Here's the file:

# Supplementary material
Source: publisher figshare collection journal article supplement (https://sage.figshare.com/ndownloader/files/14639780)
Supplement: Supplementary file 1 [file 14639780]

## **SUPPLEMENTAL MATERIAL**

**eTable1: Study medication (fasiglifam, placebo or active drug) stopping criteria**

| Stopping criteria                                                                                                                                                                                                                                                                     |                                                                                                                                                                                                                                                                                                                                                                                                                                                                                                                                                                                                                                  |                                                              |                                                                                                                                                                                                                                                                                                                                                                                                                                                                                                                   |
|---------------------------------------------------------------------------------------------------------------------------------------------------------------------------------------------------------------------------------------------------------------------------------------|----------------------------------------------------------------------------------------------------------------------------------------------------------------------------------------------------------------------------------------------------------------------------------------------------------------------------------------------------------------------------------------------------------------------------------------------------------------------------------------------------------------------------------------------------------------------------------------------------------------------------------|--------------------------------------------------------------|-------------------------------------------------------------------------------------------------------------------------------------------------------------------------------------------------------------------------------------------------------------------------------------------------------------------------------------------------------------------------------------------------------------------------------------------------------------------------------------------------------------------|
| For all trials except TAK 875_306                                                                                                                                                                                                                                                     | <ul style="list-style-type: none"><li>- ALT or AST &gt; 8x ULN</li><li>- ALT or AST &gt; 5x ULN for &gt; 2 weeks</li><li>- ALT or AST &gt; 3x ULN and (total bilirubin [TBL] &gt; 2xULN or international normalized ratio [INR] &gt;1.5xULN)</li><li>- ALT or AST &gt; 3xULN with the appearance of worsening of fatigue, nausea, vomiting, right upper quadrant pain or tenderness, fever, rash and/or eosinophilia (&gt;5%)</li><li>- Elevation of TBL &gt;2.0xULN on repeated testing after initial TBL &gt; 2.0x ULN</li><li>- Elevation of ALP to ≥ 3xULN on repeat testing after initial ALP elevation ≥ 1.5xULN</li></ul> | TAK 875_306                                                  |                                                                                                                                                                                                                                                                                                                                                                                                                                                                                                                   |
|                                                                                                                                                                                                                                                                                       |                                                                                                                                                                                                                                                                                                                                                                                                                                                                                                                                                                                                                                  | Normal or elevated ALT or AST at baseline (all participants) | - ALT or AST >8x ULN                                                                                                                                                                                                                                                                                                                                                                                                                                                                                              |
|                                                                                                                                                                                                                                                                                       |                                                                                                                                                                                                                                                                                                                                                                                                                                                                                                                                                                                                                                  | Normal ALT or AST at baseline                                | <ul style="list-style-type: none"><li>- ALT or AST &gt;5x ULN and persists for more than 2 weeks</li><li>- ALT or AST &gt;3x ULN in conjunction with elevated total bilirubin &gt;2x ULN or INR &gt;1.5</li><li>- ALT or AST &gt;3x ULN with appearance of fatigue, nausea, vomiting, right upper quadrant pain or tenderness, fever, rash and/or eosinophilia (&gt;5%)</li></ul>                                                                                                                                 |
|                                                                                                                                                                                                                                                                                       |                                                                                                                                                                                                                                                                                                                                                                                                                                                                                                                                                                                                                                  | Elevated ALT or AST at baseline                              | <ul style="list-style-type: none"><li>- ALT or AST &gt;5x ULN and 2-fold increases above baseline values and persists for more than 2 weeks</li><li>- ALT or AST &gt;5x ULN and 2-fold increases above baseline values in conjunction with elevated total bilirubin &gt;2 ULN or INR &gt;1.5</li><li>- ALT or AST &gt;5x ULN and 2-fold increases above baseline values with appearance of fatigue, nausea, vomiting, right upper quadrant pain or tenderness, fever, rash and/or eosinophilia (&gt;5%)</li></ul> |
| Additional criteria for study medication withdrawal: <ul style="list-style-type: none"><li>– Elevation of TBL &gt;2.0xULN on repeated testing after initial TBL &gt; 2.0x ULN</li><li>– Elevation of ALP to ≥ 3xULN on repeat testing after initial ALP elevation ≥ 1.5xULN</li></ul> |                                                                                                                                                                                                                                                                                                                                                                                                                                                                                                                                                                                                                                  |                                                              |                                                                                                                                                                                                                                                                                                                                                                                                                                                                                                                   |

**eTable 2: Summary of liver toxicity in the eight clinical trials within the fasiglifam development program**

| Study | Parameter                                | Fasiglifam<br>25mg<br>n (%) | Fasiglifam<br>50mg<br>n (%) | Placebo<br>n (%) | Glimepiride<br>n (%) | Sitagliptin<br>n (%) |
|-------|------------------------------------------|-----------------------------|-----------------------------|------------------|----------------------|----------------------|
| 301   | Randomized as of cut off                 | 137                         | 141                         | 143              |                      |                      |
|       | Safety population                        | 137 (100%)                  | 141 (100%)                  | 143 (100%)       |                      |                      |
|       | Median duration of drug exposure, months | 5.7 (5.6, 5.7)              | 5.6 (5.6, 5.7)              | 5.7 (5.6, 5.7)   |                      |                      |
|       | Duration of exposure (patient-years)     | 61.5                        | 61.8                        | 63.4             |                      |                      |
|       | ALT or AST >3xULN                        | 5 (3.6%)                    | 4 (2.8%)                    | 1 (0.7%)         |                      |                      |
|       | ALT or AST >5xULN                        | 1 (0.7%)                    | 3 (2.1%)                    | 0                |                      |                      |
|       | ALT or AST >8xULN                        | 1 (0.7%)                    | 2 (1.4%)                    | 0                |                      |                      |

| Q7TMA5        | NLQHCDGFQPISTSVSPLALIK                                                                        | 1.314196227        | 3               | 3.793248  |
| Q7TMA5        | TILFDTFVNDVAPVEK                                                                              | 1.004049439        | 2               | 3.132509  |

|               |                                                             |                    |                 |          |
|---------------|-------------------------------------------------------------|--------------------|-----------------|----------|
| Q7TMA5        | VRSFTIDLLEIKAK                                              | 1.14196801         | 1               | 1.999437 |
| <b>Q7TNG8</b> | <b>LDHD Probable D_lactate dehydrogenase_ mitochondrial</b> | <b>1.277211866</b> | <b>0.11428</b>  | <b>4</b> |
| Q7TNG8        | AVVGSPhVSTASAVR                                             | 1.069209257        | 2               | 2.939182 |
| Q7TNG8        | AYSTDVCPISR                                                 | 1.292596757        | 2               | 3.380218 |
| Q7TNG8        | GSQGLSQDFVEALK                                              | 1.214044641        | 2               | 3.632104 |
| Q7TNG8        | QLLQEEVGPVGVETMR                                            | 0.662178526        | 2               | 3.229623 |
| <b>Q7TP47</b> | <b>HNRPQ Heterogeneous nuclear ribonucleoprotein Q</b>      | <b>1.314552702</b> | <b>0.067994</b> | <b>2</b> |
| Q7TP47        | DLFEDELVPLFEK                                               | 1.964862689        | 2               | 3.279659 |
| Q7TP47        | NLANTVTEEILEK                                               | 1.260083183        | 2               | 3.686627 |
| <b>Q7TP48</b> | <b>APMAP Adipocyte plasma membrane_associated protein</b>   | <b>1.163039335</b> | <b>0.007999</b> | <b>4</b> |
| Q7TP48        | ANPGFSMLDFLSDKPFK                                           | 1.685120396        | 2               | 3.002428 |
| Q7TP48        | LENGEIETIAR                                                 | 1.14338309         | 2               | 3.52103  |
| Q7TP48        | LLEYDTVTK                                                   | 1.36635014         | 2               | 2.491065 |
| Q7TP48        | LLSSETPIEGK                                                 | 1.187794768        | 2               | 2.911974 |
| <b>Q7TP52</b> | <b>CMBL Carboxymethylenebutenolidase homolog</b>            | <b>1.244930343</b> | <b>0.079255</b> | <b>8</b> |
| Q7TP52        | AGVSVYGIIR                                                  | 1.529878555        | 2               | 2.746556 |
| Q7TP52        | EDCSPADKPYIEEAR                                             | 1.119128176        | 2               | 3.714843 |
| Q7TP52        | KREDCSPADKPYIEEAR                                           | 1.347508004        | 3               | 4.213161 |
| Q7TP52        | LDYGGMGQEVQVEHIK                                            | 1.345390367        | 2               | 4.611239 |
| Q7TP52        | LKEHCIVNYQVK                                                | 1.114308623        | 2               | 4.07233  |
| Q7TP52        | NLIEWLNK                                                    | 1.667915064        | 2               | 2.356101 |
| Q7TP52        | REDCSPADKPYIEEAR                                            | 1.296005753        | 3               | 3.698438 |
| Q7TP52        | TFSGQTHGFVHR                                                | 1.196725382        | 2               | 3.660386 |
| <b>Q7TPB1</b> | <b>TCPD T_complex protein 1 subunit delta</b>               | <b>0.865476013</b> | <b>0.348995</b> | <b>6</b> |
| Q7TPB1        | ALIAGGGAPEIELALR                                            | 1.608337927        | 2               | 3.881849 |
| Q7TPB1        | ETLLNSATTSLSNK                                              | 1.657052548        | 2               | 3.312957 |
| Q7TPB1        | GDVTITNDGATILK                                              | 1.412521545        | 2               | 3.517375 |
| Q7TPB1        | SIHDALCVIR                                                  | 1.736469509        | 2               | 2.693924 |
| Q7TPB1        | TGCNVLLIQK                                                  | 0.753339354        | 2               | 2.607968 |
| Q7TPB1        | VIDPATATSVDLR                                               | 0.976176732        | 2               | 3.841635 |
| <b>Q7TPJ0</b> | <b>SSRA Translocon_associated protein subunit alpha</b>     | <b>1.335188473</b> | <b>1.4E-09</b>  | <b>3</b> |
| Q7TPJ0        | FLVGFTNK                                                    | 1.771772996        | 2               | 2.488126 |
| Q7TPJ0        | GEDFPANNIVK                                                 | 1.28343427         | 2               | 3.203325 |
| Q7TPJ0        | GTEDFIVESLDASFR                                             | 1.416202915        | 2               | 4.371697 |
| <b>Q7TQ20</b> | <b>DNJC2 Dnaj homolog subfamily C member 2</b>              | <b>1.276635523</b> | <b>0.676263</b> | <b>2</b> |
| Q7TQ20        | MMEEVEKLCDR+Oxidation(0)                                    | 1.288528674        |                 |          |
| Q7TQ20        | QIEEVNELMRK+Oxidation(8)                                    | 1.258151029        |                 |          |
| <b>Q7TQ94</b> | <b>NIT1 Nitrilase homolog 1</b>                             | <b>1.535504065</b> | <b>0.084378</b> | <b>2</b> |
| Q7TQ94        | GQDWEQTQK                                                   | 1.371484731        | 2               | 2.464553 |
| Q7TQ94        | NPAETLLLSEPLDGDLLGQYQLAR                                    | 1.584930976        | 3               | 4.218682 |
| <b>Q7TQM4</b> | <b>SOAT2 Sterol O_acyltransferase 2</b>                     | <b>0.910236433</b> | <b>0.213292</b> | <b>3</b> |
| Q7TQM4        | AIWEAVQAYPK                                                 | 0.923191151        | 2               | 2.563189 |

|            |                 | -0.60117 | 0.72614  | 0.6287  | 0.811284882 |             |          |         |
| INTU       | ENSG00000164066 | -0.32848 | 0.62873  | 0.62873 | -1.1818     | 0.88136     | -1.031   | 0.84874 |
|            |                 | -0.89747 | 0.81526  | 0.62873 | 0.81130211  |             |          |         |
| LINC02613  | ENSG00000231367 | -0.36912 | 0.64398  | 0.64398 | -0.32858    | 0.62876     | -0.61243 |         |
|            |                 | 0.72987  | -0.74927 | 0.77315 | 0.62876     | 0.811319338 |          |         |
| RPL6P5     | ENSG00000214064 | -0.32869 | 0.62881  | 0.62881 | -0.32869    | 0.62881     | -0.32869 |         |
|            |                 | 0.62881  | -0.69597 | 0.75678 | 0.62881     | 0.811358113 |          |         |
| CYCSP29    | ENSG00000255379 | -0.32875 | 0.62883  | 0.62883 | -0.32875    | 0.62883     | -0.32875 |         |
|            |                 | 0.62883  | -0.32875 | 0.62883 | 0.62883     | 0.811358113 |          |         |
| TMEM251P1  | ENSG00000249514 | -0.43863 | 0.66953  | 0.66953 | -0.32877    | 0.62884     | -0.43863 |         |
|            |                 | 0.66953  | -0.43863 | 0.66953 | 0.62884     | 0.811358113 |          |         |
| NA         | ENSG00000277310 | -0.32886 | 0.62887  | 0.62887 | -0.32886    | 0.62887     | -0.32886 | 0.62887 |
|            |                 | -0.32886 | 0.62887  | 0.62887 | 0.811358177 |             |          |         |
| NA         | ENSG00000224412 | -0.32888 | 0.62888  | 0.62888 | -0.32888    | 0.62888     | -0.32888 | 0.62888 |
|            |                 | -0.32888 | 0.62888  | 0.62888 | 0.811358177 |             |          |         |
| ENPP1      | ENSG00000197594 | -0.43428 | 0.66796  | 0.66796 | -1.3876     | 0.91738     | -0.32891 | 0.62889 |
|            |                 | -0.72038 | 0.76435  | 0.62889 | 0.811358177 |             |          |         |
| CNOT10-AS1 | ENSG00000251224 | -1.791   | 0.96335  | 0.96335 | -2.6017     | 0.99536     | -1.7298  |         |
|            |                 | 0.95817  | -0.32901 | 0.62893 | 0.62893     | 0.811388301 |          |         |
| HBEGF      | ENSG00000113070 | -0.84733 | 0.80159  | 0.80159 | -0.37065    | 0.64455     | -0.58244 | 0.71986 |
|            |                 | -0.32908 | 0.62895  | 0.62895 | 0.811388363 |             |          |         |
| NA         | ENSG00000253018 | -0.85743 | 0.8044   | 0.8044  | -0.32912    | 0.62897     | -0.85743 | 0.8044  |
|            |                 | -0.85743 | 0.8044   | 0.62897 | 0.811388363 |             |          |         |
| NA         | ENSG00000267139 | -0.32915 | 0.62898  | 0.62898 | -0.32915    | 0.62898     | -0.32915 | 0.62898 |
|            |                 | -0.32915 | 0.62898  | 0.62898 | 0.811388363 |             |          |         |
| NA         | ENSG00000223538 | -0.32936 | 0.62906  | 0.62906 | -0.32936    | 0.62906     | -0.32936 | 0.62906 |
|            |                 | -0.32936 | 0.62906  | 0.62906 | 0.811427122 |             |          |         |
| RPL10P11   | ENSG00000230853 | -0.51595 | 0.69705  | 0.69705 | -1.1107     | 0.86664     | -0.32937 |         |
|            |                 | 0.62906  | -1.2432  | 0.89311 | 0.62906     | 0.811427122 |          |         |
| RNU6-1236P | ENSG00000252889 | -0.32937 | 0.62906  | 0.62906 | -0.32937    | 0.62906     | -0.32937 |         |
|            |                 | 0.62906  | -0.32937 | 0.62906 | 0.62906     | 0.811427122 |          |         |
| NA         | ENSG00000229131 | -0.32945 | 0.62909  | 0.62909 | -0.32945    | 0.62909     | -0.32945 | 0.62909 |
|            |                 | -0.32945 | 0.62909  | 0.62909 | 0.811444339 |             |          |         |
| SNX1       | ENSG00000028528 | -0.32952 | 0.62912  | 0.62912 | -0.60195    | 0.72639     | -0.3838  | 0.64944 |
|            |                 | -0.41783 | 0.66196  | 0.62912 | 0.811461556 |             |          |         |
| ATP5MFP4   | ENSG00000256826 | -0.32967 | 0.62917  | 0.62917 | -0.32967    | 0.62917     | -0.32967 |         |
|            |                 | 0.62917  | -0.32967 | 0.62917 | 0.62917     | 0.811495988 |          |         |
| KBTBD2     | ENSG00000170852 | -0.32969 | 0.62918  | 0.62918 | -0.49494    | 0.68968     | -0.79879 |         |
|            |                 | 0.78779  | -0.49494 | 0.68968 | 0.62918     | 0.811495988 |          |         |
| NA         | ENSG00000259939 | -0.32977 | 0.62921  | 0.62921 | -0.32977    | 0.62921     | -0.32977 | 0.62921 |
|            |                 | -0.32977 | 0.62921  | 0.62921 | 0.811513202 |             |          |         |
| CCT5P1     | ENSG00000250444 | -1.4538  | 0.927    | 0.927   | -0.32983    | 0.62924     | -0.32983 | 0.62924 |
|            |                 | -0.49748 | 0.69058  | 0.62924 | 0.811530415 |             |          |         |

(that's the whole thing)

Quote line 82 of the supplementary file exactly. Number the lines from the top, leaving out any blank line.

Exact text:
| NA         | ENSG00000224412 | -0.32888 | 0.62888  | 0.62888 | -0.32888    | 0.62888     | -0.32888 | 0.62888 |